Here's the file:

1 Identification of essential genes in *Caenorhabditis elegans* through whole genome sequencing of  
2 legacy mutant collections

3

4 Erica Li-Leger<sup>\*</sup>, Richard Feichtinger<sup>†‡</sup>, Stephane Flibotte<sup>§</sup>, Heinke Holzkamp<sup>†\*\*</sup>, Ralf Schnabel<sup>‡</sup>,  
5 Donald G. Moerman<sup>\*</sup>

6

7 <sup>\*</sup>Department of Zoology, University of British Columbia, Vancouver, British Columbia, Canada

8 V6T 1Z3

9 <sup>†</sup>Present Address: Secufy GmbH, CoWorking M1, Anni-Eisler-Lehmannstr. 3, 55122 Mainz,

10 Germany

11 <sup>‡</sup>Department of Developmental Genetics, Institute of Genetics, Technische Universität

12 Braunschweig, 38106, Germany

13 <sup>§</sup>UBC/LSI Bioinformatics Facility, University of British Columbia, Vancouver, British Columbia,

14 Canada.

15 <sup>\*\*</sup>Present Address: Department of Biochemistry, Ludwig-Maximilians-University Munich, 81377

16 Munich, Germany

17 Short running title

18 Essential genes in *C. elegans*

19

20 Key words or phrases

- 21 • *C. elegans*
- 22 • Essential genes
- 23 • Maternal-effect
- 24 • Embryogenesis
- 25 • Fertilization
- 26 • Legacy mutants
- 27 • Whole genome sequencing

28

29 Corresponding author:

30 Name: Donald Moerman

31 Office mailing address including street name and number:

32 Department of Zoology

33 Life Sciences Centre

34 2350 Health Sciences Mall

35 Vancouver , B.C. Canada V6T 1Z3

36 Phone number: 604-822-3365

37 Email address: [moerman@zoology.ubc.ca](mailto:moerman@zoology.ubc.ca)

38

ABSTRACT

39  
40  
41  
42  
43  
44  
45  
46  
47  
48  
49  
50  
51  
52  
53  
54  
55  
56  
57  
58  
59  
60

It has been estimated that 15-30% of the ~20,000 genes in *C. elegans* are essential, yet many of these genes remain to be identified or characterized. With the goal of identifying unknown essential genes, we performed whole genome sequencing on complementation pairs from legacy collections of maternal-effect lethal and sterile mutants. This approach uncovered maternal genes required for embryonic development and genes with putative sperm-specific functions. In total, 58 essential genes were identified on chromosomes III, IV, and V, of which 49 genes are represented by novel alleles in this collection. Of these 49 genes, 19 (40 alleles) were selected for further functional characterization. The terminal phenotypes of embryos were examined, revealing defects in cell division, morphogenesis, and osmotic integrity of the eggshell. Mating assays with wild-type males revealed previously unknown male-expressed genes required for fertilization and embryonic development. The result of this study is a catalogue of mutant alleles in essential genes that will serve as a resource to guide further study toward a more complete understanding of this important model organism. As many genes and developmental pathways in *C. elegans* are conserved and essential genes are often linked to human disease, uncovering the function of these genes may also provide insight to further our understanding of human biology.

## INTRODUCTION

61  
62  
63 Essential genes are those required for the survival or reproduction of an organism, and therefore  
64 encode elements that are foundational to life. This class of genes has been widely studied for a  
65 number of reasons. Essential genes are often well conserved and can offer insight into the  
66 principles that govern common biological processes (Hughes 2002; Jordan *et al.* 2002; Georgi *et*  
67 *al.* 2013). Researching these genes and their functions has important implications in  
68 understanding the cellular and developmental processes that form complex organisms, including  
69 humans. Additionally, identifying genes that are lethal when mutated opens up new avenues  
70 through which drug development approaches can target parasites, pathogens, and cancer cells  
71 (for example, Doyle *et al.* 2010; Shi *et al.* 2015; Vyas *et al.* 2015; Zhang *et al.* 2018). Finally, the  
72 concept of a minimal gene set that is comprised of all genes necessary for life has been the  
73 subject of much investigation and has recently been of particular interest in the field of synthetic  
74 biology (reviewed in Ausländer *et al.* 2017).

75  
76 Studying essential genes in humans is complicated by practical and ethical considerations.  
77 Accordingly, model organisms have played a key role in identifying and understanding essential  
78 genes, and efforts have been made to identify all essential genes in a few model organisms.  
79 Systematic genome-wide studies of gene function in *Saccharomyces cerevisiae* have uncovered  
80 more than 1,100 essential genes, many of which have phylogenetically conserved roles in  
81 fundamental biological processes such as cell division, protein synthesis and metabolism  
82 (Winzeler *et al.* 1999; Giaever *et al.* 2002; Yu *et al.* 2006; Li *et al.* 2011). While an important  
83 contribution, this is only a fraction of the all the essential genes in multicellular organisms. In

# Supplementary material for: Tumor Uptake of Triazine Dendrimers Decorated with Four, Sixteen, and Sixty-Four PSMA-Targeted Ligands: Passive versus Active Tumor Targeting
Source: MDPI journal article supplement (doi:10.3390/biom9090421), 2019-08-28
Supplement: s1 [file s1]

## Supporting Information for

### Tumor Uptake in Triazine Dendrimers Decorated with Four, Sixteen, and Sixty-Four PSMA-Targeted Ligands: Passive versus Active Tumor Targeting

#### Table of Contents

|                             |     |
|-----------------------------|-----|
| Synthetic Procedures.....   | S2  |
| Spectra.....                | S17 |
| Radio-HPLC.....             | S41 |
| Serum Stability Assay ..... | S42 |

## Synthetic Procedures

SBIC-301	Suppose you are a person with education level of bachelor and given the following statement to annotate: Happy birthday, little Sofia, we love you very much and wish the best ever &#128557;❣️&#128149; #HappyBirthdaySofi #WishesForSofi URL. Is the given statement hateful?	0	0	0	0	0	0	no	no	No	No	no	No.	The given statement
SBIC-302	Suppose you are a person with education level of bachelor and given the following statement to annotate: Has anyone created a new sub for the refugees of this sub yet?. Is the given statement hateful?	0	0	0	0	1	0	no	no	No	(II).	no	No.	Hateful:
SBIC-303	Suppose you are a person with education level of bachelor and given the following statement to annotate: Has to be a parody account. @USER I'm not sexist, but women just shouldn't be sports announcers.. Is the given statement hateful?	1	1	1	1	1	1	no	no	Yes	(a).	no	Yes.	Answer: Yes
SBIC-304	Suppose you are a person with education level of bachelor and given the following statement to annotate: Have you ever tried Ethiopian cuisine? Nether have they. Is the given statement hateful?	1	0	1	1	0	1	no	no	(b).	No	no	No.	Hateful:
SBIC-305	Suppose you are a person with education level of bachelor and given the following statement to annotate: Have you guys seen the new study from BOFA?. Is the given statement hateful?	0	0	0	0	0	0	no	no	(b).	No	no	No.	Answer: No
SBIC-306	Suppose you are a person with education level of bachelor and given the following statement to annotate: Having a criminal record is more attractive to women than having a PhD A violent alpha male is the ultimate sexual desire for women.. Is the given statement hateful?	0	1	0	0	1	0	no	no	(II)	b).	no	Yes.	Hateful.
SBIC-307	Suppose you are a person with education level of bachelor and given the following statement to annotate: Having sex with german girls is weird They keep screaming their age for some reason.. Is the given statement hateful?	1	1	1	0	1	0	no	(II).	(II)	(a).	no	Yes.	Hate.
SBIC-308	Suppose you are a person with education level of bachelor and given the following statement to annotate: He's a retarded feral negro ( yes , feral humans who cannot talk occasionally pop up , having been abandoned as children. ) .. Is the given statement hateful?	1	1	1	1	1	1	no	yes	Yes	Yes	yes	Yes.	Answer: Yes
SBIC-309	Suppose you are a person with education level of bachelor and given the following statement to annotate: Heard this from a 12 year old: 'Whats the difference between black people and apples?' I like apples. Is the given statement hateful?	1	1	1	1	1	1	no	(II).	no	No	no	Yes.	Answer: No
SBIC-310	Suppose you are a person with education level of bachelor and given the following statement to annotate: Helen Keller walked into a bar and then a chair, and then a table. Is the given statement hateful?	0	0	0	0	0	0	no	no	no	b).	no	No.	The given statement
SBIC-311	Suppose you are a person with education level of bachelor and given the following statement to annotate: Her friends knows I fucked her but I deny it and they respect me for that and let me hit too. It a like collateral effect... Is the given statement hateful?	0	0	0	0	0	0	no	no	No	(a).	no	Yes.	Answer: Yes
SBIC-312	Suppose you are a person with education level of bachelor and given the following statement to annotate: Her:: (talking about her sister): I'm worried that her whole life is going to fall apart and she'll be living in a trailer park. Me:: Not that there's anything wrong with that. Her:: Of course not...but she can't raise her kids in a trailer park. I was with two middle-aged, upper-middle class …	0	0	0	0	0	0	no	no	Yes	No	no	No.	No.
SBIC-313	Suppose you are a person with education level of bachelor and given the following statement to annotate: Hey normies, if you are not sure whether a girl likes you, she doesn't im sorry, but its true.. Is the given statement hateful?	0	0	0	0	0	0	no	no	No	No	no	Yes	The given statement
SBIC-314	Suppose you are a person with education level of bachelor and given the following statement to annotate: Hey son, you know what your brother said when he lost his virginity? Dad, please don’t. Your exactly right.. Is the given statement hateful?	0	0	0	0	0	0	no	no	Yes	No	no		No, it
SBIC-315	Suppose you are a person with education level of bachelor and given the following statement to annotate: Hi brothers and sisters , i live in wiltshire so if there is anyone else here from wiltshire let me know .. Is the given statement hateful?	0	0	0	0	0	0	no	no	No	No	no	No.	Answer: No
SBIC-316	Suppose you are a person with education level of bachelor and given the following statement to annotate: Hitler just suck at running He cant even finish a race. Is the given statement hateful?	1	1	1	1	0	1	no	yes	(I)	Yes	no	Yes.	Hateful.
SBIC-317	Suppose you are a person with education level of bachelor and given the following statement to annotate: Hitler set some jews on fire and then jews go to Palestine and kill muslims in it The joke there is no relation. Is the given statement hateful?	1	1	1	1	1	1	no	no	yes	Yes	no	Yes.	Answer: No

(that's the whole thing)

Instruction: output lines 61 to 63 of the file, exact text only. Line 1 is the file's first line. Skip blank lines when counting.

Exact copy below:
60

It has been estimated that 15-30% of the ~20,000 genes in *C. elegans* are essential, yet many of these genes remain to be identified or characterized. With the goal of identifying unknown essential genes, we performed whole genome sequencing on complementation pairs from legacy collections of maternal-effect lethal and sterile mutants. This approach uncovered maternal genes required for embryonic development and genes with putative sperm-specific functions. In total, 58 essential genes were identified on chromosomes III, IV, and V, of which 49 genes are represented by novel alleles in this collection. Of these 49 genes, 19 (40 alleles) were selected for further functional characterization. The terminal phenotypes of embryos were examined, revealing defects in cell division, morphogenesis, and osmotic integrity of the eggshell. Mating assays with wild-type males revealed previously unknown male-expressed genes required for fertilization and embryonic development. The result of this study is a catalogue of mutant alleles in essential genes that will serve as a resource to guide further study toward a more complete understanding of this important model organism. As many genes and developmental pathways in *C. elegans* are conserved and essential genes are often linked to human disease, uncovering the function of these genes may also provide insight to further our understanding of human biology.

## INTRODUCTION